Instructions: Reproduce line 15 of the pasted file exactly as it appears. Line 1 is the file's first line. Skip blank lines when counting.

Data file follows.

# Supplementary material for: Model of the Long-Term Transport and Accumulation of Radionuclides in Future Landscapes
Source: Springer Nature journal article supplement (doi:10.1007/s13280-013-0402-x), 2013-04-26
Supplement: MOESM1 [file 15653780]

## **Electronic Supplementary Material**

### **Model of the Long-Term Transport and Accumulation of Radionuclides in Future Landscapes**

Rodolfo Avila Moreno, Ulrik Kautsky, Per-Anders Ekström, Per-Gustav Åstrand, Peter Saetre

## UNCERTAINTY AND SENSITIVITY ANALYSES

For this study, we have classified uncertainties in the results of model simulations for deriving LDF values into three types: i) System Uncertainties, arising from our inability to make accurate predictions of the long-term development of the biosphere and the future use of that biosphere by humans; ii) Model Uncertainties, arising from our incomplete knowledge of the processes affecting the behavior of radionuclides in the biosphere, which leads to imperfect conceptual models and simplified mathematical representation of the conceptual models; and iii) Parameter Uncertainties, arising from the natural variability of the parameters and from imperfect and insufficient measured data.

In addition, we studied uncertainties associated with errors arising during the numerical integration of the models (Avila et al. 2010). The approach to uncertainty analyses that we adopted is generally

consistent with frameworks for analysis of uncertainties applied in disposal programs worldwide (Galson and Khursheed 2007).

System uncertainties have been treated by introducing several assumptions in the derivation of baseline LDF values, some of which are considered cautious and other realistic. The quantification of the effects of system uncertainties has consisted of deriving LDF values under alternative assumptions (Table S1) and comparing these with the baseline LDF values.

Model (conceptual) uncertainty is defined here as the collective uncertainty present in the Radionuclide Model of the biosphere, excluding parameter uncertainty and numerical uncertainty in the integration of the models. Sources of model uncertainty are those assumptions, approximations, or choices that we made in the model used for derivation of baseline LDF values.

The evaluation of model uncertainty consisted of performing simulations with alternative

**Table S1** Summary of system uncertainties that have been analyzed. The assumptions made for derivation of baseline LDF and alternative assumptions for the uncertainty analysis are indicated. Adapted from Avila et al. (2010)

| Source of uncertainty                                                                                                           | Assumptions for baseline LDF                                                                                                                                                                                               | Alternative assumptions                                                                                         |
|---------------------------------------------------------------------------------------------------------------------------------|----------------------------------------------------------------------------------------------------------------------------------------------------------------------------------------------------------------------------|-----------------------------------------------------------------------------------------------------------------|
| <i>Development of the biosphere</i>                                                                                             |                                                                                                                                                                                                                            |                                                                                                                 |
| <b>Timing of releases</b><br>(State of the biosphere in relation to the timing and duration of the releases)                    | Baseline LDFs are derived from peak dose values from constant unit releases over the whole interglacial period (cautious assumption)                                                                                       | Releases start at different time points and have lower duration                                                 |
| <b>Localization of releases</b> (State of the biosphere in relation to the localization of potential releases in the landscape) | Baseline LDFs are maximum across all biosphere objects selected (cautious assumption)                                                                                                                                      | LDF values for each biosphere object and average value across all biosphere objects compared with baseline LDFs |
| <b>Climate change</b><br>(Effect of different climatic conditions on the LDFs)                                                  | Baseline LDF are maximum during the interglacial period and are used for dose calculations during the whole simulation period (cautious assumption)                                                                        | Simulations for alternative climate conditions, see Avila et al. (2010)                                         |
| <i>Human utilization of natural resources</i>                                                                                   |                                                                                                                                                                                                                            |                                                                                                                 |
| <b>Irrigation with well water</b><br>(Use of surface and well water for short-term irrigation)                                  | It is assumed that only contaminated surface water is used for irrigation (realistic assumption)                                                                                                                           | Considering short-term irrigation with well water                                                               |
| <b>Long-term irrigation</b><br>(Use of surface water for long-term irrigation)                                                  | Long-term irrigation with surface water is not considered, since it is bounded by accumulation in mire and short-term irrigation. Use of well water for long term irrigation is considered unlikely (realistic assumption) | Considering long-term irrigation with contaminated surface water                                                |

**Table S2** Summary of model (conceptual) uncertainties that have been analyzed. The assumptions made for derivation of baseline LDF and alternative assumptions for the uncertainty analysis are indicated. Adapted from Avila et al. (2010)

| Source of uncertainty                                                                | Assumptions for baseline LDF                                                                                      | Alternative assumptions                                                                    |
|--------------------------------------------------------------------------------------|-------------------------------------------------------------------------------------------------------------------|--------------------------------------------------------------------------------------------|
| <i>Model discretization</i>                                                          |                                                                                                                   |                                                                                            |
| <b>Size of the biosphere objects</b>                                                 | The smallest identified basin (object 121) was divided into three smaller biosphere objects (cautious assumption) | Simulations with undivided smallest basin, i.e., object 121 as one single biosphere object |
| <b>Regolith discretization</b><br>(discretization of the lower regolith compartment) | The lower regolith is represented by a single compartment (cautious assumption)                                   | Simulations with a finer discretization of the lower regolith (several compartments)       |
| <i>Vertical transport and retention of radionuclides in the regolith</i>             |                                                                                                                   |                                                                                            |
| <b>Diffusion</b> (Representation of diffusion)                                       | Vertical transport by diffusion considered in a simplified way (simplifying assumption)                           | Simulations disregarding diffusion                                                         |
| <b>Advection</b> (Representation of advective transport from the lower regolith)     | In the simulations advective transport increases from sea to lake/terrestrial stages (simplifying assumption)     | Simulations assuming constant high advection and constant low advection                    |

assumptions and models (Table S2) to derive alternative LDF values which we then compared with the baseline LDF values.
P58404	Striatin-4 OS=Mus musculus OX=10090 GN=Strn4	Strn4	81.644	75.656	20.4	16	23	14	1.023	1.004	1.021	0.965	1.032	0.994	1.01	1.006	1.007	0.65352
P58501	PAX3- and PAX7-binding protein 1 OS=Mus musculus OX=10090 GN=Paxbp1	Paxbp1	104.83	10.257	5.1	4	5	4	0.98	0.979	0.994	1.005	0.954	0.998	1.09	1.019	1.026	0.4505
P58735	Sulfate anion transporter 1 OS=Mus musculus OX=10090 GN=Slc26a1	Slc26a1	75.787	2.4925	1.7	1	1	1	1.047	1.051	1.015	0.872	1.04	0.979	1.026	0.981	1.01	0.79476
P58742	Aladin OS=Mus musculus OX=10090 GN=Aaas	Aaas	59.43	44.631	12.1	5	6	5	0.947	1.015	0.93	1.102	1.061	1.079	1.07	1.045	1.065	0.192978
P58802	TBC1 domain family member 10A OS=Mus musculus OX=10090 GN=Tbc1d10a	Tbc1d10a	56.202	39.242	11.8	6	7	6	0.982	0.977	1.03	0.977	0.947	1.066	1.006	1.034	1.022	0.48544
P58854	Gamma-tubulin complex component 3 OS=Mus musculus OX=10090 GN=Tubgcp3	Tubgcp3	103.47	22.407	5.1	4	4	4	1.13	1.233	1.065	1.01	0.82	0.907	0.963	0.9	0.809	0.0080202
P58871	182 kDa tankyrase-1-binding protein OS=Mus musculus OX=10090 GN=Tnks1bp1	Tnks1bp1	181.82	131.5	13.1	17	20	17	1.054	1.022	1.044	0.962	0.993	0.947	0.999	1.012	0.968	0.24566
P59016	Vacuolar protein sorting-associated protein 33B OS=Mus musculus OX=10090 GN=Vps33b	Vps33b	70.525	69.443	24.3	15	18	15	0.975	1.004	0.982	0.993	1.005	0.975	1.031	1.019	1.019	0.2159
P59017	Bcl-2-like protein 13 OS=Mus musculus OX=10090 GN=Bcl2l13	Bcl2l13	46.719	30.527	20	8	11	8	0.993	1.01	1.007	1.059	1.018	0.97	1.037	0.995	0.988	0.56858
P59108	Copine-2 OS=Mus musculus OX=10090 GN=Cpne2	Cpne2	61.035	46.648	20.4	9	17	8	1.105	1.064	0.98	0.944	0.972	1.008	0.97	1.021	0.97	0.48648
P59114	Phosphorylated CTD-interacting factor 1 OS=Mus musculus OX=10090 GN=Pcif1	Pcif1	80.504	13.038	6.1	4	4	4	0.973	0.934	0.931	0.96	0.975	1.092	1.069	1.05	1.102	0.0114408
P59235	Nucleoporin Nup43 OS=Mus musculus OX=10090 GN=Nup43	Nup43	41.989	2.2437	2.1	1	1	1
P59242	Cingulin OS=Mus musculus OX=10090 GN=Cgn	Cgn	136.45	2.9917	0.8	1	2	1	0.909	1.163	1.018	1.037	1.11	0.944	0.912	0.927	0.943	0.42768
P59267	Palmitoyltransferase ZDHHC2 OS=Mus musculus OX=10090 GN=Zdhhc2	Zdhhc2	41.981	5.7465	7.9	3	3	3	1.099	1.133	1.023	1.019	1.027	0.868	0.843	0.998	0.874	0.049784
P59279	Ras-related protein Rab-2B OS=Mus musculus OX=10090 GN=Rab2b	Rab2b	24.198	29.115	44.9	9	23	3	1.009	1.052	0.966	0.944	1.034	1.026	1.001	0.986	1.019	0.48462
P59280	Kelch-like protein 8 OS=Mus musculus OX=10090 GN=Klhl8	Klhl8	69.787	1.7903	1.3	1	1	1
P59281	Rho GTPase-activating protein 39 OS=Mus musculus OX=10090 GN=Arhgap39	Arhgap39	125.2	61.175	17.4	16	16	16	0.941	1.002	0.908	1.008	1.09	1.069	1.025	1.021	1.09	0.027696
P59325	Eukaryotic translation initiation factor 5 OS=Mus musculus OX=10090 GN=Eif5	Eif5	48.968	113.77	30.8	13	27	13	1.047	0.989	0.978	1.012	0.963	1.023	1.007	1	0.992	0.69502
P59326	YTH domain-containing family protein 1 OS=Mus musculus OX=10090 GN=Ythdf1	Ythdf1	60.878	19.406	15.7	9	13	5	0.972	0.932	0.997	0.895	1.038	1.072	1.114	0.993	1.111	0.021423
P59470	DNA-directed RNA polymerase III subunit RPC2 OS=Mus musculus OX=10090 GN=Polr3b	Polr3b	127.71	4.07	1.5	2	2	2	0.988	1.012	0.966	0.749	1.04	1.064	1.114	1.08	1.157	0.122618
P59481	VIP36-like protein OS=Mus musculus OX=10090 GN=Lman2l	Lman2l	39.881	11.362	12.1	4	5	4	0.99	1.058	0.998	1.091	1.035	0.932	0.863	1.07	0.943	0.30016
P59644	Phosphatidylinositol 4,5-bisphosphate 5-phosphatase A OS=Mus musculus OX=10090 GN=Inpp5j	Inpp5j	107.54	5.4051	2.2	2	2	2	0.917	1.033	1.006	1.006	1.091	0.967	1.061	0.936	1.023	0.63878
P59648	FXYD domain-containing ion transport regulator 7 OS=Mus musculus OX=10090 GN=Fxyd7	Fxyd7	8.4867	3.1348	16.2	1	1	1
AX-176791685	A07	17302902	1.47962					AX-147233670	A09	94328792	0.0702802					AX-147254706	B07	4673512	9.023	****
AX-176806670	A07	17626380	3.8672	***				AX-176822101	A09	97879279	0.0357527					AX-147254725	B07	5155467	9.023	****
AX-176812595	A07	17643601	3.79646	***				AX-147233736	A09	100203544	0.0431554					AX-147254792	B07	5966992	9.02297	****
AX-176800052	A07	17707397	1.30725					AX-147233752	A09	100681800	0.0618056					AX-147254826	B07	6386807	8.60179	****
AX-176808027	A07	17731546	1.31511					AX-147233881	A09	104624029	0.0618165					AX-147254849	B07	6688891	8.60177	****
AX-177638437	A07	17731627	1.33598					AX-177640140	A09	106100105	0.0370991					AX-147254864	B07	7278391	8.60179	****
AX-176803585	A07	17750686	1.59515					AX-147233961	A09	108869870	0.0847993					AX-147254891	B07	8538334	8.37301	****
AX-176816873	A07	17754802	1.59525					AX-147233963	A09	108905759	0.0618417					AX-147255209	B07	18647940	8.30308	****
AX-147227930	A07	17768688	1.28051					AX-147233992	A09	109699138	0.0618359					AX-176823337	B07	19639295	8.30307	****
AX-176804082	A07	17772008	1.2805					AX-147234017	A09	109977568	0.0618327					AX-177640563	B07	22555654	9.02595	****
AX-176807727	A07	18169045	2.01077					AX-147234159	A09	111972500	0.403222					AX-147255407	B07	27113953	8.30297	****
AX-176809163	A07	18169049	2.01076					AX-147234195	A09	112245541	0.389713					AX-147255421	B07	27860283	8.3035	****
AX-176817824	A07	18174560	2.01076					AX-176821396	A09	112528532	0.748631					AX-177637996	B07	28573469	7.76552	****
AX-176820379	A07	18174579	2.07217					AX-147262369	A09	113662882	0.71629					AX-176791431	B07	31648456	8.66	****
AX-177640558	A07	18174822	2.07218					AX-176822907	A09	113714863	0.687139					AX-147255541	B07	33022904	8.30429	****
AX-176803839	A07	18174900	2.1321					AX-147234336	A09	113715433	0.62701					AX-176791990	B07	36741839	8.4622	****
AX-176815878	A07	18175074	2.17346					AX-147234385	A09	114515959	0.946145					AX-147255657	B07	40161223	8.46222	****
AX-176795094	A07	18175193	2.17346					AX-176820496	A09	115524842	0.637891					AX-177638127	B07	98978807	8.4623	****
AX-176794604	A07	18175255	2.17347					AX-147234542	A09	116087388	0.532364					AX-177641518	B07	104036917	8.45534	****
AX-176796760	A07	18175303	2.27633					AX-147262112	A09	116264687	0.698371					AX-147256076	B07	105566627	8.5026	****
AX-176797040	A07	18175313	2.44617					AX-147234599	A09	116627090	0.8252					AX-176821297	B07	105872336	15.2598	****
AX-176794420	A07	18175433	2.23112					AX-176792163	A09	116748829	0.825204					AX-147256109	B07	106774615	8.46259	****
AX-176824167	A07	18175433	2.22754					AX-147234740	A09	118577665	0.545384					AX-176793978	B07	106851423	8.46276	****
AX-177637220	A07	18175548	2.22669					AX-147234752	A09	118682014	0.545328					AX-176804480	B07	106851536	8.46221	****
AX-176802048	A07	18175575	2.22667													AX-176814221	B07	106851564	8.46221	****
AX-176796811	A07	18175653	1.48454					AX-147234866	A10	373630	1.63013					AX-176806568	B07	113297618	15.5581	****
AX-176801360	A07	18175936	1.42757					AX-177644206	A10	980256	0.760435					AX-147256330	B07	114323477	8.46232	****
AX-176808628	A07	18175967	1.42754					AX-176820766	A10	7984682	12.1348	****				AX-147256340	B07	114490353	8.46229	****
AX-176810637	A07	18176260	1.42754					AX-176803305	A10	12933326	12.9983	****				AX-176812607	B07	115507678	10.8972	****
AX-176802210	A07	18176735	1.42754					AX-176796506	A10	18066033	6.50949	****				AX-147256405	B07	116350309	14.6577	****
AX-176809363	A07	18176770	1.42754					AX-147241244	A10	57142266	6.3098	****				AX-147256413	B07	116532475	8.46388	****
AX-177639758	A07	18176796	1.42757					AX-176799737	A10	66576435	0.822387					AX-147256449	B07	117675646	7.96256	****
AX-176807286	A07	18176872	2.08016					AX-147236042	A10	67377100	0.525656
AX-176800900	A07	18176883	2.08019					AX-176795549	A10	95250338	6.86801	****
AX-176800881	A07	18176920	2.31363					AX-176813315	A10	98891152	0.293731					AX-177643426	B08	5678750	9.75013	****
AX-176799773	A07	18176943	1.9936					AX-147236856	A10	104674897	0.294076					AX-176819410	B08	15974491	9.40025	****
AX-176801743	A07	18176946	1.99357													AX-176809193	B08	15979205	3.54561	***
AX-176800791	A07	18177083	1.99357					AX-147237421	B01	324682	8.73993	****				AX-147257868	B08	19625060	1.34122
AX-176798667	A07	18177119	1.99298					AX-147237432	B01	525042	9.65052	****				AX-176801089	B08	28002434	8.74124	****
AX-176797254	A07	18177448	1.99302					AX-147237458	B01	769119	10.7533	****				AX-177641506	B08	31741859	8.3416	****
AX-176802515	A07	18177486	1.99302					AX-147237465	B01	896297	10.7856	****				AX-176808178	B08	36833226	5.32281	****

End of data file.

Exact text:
| Source of uncertainty                                                                                                           | Assumptions for baseline LDF                                                                                                                                                                                               | Alternative assumptions                                                                                         |